Multi-hazards vulnerability assessment of southern coasts of Iran

Davood Mafi-Gholami, Eric K. Zenner, Abolfazl Jaafari, Hamidreza Riahi Bakhtiari, Dieu Tien Bui

Research output: Contribution to journalArticle

9 Scopus citations

Abstract

Coastal vulnerability assessment has become one of the most important tools for decision making and providing effective managerial solutions to reduce adverse socio-economic impacts of multiple environmental hazards on coupled social-ecological systems of coastal areas. The aim of this study was to assess the vulnerability of the northern coasts of the Persian Gulf (PG) and the Gulf of Oman (GO) in the Hormozgan province of Iran. Nine variables of vulnerability that included the rate of coastline change, relative sea level rise, coastal slope, mean tidal range, coastal geomorphology, significant wave height (SWH), extreme storm surge, population density, and fishing intensity were weighted, mapped, and combined into the Coastal vulnerability index (CVI). Experts viewed sea level rise, shoreline change and extreme storm surge as most important for imparting vulnerabilities on the northern coasts of PG and GO. Socio-economic variables (i.e., population density and fishery intensity) were considered least important. Of the total length of the provincial shoreline, 27% were classified into the very low vulnerability class, 31% into the low, 17.4% into the moderate, 15.4% into the high, and 9.2% into the very high vulnerability class. About 1295 km (58%) of shorelines were classified into the low and very low vulnerability classes (CVI value ≤ 8.32) and mainly consisted of shorelines on the western coast along the PG. In contrast, 553 km (24.6%) of shorelines were classified into the high and very high vulnerability classes (CVI values > 13.39) and were located along the central coasts (especially in the Qeshm Island and Strait of Hormuz) and on the east coasts of the GO. At least a quarter of all shorelines in the province have high and very high vulnerability to environmental hazards that are the harbingers of climate change.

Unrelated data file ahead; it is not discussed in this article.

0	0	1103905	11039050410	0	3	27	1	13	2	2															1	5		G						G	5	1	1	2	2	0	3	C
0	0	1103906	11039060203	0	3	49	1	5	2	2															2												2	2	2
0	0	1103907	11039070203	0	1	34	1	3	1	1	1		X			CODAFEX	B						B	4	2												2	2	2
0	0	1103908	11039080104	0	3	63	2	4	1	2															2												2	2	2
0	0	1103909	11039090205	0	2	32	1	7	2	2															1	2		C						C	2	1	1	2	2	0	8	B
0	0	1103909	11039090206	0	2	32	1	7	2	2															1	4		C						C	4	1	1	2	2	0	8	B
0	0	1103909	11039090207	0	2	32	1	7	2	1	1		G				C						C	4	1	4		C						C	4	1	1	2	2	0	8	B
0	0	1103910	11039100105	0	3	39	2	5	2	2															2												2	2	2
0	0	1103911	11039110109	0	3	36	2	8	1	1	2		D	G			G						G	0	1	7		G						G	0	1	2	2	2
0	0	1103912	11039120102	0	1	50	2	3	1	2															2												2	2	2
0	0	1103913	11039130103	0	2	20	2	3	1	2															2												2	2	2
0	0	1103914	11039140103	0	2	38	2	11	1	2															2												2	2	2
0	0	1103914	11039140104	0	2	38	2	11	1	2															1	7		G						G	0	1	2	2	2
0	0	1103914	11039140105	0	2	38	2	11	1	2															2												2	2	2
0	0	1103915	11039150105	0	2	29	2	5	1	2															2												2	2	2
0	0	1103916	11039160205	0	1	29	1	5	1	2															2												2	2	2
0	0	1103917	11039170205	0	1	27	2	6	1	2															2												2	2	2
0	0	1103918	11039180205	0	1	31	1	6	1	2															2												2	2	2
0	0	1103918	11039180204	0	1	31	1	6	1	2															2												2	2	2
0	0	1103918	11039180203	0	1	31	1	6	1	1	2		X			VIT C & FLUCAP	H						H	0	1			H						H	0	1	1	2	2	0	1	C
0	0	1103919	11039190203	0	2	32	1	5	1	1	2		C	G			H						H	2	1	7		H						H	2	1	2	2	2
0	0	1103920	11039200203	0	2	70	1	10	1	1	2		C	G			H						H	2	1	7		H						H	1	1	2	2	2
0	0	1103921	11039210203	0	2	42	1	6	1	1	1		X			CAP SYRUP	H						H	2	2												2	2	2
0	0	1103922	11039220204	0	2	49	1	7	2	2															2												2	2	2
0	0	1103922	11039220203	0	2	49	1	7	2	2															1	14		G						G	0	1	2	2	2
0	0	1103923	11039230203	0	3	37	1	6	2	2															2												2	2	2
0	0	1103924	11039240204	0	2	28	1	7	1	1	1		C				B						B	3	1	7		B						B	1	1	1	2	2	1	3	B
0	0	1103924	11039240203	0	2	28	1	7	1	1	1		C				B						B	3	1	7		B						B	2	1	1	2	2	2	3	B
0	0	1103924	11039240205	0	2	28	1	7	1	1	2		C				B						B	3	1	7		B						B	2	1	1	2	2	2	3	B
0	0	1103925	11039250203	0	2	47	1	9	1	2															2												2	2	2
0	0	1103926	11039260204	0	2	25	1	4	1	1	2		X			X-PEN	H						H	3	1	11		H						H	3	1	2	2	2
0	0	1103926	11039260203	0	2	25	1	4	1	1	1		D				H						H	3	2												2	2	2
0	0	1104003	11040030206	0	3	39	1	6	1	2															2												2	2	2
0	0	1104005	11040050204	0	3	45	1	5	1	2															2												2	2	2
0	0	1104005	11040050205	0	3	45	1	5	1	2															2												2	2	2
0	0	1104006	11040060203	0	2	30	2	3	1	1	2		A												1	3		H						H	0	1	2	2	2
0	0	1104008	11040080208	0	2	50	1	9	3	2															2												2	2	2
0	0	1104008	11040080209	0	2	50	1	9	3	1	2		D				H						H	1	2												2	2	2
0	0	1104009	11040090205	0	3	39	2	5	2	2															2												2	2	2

Original languageEnglish (US)
Article number109628
JournalJournal of Environmental Management
Volume252
DOIs
StatePublished - Dec 15 2019

All Science Journal Classification (ASJC) codes

  • Environmental Engineering
  • Waste Management and Disposal
  • Management, Monitoring, Policy and Law

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